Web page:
Democratic state Rep. Barbara Ballard, from Lawrence, said that push needs to expand for the party to gain influence and win elections.

“If you make sure that rural areas are being included in this process, and not just all urban, then it says we are all in this together,” Ballard said.

To make inroads, Democrats will need a message they can sell. Gov. Kelly pitched herself as a consensus builder. She pushed priorities such as Medicaid expansion and education funding while working attract to moderate Republican voters.

According to Ballard, Kelly’s victory last year shows it’s a winning political position that Democrats should continue to use.

“You moved where you needed to move in order to get the job done,” she said. “Why would you want to change it?”

Democrats have had mixed fortunes in recent years. In 2016, they picked up around a dozen seats in the Legislature. They formed a coalition with moderate Republicans that helped roll back tax cuts and increase spending on schools.

In 2018, while Democrats won the governor’s office and the seat in Congress, the party failed to pick up any other statewide offices or House seats. After the election, three Republicans switched parties, leaving the GOP with an 84-41 majority in the House and 28-11 edge in the Senate. The Senate also has one independent member.

Republicans still dominate statewide offices, the Kansas congressional delegation and the Legislature.

At least three people have announced runs for chair of the Democratic Party.

Current party Vice Chair Vicki Hiatt said she’s already had a hand in expanding the party’s infrastructure and recruiting candidates. As chair, she would continue expansion into more areas of Kansas and focus on the fundraising needed to build the party.

She’d concentrate on protecting Davids’ congressional seat and shoot to win next year’s U.S. Senate race.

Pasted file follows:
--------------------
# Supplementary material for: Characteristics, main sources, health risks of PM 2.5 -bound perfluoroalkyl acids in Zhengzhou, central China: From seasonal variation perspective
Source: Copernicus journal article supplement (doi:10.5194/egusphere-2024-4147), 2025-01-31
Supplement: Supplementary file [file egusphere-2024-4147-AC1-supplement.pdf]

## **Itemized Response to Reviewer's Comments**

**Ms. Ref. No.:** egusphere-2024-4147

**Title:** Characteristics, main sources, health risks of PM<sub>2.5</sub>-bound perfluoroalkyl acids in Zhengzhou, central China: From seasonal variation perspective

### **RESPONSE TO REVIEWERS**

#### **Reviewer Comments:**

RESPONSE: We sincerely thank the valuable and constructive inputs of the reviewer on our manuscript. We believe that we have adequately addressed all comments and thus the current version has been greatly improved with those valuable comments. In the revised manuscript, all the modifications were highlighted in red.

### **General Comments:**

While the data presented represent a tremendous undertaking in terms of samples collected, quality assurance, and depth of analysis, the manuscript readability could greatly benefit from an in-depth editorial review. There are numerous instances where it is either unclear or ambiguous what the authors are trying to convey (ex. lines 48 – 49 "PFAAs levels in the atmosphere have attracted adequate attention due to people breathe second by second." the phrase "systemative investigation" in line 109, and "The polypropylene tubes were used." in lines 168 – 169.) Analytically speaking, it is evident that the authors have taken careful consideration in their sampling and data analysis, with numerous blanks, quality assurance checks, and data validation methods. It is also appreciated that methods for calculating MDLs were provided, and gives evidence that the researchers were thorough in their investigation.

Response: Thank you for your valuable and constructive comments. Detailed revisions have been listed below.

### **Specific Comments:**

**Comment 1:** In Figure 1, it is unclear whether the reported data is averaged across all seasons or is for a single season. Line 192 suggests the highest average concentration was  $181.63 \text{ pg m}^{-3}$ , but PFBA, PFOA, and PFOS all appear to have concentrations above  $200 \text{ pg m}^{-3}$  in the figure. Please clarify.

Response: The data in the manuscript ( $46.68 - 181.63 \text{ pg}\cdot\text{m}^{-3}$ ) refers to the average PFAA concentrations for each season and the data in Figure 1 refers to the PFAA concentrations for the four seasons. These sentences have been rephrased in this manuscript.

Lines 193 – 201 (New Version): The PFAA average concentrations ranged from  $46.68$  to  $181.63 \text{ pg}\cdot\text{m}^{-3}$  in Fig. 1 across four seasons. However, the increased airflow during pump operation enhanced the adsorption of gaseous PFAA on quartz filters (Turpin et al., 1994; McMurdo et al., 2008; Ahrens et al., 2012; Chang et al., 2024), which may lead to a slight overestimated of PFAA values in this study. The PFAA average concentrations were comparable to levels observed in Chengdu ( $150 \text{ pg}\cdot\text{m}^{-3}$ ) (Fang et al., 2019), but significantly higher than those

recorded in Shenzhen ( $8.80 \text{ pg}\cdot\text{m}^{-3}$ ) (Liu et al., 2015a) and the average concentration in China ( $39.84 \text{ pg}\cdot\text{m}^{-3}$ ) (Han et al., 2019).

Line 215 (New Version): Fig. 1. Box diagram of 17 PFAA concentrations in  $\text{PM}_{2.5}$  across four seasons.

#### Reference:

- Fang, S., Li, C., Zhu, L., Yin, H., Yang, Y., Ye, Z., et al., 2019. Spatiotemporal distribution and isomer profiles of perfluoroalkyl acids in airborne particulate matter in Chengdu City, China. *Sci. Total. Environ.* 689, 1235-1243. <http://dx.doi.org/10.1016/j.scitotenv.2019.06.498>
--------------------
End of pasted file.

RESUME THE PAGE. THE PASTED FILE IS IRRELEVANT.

“We will be working really hard for the U.S. Senate candidate,” she said. “That will be a target.”

George Hanna, from Tecumseh, was a candidate for the House in the last election and said he’d focus on gains in rural areas.

“We all have a job to do — fundraise, develop an inclusive caucus process and find our new representatives,” he said in a Facebook post announcing he would run.

A third candidate, Chris Roesel from Johnson County, touts his experience running for local elected offices.

But the field of candidates is not limited. The Democratic convention will bring together hundreds of party loyalists from across the state. The leadership elections are open to all nominations and more than 200 party members will vote to pick the winner.

“Anybody can run,” Sawyer said. “Quite often it is pretty wide open.”

Stephen Koranda is the Statehouse reporter for Kansas Public Radio and the Kansas News Service Kansas, a collaboration of KCUR, Kansas Public Radio, KMUW and High Plains Public Radio covering health, education and politics. Follow him on Twitter @kprkoranda.

 Kansas News Service stories and photos may be republished at no cost with proper attribution and a link to ksnewsservice.org.

Copyright 2019 KCUR 89.3

Stephen Koranda is Statehouse reporter for Kansas Public Radio and the Kansas News Service, a collaboration of KCUR, KMUW, Kansas Public Radio and High Plains Radio covering health, education and politics.
Stephen Koranda
Stephen Koranda is the Statehouse Bureau Chief for Kansas Public Radio.